This may seem simplistic and naive, but just think about it. It only takes a bit of light to extinguish the darkness. But we are here and so much trouble is over there. Can’t our light, the light of Christ, spread from person to nations to our world? What specifically can we do for this to occur?

Thursday morning, I wrote an email to Bishop Miller, thanking him for the letter I shared with you this morning. I then signed a petition to President Biden to not fight war with war. I have been praying for other parts of the world. Likewise, I must say that my heart is especially moved by incidents in the Holy Land, having lived there in the 1980s for 6 ½ years. 

I am especially struggling with the little news that we’re hearing about the Palestinian situation in all the fighting. We only hear of Hamas and other terrorist organizations. But there are innocent civilians whose hospitals are not receiving supplies. Barricades are preventing food and medicine from reaching residents of Gaza. They have been told to leave because of the oncoming ground offensive, but have nowhere to go and no way out. There is no electricity because the Israelis have shut it off. I suspect there is no fresh water either.

We experienced such tactics when we lived in Bethlehem, in the West Bank. There were times we didn’t get water for days. The electricity and phone would be shut off. Whenever there was trouble, we knew the phone would be shut off. That was the case in 1989 when my mother was in the hospital. When she died, friends in Rochester could not call us to tell us. Our pastor in Jerusalem did not experience such phone issues, so they had his number and called him.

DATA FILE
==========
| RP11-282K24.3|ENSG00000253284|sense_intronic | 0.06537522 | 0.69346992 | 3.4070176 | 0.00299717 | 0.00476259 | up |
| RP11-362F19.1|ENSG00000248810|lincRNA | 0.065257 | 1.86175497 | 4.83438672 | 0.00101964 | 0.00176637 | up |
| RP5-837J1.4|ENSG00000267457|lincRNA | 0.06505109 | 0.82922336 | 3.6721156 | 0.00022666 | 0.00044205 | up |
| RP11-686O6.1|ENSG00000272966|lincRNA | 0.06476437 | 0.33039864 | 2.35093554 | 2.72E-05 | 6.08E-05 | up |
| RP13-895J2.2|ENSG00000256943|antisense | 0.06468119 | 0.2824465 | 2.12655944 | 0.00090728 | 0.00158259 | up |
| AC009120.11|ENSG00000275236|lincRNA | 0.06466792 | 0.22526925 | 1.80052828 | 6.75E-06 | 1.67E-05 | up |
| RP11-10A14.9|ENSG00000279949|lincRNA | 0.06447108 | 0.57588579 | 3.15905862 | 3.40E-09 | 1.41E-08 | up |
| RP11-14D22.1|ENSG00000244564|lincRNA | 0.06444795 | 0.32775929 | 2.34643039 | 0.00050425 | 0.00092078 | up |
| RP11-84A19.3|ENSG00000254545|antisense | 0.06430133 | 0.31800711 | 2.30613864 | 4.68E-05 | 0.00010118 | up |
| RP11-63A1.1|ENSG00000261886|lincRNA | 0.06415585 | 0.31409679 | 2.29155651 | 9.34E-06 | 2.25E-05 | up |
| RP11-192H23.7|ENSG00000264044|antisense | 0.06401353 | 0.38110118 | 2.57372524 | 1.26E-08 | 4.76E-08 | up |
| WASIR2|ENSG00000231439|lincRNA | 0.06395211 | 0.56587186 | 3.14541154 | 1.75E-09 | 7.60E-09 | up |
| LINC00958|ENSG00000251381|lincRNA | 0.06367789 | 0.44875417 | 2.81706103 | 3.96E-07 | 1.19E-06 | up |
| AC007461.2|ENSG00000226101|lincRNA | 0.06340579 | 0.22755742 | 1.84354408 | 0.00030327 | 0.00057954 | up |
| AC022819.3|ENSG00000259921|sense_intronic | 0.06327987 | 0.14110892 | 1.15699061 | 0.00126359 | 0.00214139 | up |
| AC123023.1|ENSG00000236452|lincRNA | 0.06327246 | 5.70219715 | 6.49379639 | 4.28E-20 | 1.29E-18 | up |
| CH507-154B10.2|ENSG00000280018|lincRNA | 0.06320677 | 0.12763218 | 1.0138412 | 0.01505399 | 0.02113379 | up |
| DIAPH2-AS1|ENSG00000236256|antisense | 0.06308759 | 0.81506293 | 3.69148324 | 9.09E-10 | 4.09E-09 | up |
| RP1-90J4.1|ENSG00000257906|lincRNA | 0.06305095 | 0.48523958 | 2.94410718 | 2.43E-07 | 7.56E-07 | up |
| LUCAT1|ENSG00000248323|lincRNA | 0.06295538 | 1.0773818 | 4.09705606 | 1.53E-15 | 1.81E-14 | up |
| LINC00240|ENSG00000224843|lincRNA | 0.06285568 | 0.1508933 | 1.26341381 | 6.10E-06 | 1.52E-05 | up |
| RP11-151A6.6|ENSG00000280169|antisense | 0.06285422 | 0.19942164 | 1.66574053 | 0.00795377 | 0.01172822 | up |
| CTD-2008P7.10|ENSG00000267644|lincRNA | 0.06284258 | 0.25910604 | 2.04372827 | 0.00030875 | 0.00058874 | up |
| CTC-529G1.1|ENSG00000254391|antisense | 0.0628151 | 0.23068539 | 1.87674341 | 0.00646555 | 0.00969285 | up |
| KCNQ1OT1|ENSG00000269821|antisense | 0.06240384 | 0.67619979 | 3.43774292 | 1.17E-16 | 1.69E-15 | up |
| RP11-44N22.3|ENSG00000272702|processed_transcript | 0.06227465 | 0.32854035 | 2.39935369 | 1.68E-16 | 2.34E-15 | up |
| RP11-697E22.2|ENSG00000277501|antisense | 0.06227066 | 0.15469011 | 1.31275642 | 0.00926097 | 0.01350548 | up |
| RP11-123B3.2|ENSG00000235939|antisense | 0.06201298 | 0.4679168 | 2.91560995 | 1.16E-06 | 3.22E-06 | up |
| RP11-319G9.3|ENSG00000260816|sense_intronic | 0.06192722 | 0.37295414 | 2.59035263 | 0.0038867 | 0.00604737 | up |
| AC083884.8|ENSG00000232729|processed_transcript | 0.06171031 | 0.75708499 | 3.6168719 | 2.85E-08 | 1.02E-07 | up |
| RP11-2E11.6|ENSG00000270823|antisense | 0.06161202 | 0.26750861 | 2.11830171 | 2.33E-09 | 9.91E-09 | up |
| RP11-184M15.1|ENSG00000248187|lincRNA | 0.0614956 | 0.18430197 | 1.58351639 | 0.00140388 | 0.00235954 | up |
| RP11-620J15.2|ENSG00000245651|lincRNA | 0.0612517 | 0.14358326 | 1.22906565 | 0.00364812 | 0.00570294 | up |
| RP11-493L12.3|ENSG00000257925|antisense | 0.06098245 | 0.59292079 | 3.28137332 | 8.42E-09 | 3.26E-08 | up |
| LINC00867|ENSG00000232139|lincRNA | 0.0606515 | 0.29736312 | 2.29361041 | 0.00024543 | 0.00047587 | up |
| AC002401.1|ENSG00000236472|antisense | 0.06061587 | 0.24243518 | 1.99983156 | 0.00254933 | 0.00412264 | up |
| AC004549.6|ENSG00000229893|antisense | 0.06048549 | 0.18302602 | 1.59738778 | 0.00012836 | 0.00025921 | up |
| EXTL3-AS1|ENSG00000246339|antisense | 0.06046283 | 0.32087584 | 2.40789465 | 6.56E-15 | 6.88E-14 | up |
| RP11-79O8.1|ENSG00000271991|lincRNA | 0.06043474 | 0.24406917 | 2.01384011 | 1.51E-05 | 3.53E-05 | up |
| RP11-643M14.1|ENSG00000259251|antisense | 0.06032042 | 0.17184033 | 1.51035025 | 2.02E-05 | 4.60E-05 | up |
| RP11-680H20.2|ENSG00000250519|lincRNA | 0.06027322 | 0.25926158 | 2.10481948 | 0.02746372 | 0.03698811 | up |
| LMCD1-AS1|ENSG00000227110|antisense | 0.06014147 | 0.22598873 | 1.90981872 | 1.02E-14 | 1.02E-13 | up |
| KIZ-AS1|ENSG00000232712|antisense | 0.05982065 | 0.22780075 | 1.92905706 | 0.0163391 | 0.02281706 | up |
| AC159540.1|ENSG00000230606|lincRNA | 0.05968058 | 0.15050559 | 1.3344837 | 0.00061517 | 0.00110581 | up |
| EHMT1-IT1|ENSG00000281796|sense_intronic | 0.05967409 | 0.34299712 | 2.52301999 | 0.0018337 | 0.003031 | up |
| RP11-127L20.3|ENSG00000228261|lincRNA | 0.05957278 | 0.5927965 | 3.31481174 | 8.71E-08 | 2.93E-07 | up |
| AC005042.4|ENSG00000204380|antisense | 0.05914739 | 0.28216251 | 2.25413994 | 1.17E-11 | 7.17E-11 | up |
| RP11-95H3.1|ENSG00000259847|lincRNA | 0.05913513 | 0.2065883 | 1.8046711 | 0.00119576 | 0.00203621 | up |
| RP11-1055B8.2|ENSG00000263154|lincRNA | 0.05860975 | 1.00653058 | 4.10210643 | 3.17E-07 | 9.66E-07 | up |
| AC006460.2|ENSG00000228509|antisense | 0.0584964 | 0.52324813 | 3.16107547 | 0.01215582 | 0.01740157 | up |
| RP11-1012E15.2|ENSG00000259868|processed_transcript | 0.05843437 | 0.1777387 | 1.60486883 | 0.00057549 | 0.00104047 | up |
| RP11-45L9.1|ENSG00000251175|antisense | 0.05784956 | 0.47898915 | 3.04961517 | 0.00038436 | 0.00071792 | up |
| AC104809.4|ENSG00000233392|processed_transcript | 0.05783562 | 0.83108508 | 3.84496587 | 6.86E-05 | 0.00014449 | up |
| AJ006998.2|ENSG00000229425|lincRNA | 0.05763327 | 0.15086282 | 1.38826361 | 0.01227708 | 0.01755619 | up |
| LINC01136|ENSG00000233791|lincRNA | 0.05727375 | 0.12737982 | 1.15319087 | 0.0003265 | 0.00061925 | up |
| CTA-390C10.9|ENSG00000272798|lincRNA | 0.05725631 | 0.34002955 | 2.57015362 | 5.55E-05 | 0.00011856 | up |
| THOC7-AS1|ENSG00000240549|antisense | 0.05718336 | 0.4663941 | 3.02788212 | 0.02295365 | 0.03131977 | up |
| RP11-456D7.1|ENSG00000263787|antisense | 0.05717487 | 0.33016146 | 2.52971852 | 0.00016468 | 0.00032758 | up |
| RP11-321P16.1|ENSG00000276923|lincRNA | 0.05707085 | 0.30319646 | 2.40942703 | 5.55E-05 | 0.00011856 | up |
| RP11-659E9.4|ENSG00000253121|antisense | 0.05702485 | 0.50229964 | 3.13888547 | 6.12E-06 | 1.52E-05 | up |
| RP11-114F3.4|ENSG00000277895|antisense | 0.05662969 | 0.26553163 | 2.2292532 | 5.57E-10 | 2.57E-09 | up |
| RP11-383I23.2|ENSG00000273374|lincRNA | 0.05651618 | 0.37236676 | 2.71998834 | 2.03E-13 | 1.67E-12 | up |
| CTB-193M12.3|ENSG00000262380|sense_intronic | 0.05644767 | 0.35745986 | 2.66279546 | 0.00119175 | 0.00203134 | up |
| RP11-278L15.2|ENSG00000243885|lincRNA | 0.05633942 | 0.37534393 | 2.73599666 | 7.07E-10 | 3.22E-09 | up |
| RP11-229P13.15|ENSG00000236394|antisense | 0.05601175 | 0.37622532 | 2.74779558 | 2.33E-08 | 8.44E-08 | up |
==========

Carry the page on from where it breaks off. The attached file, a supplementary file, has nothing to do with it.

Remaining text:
We were happily playing board games one evening when there was a knock at the door. It was our pastor. We invited him in, expecting he would come just for a visit. He told us my mother had died. To drive the short distance from Jerusalem to Bethlehem (10.4 miles) he had to go through a security checkpoint. The Israeli soldiers did not want to allow him through, even though his van said “pastor” in English, Hebrew and Arabic. He finally was allowed to go through to Bethlehem.

Most of us will not be called to such extreme measures of obedience to Christ and his calling to us. But how can we today, in Bemus Point, Jamestown and Chautauqua County be “chosen?”

Like Jesus, we can feed the hungry, hang out with outsiders, heal the hurting. If we cannot do these things, we can pray for those in need, enabling others to do what we cannot. 

Think of the small beginnings of the Five Loaves and Two Fish Ministry. Yesterday, I heard that we are now packaging 800 bags of food a month. Like the author, T. S. Lawrence said, “From small beginnings come great things.” If allowed, God does the work in our lives to make us chosen. Jesus invites all to the banquet of life, so that we may live invitational lives.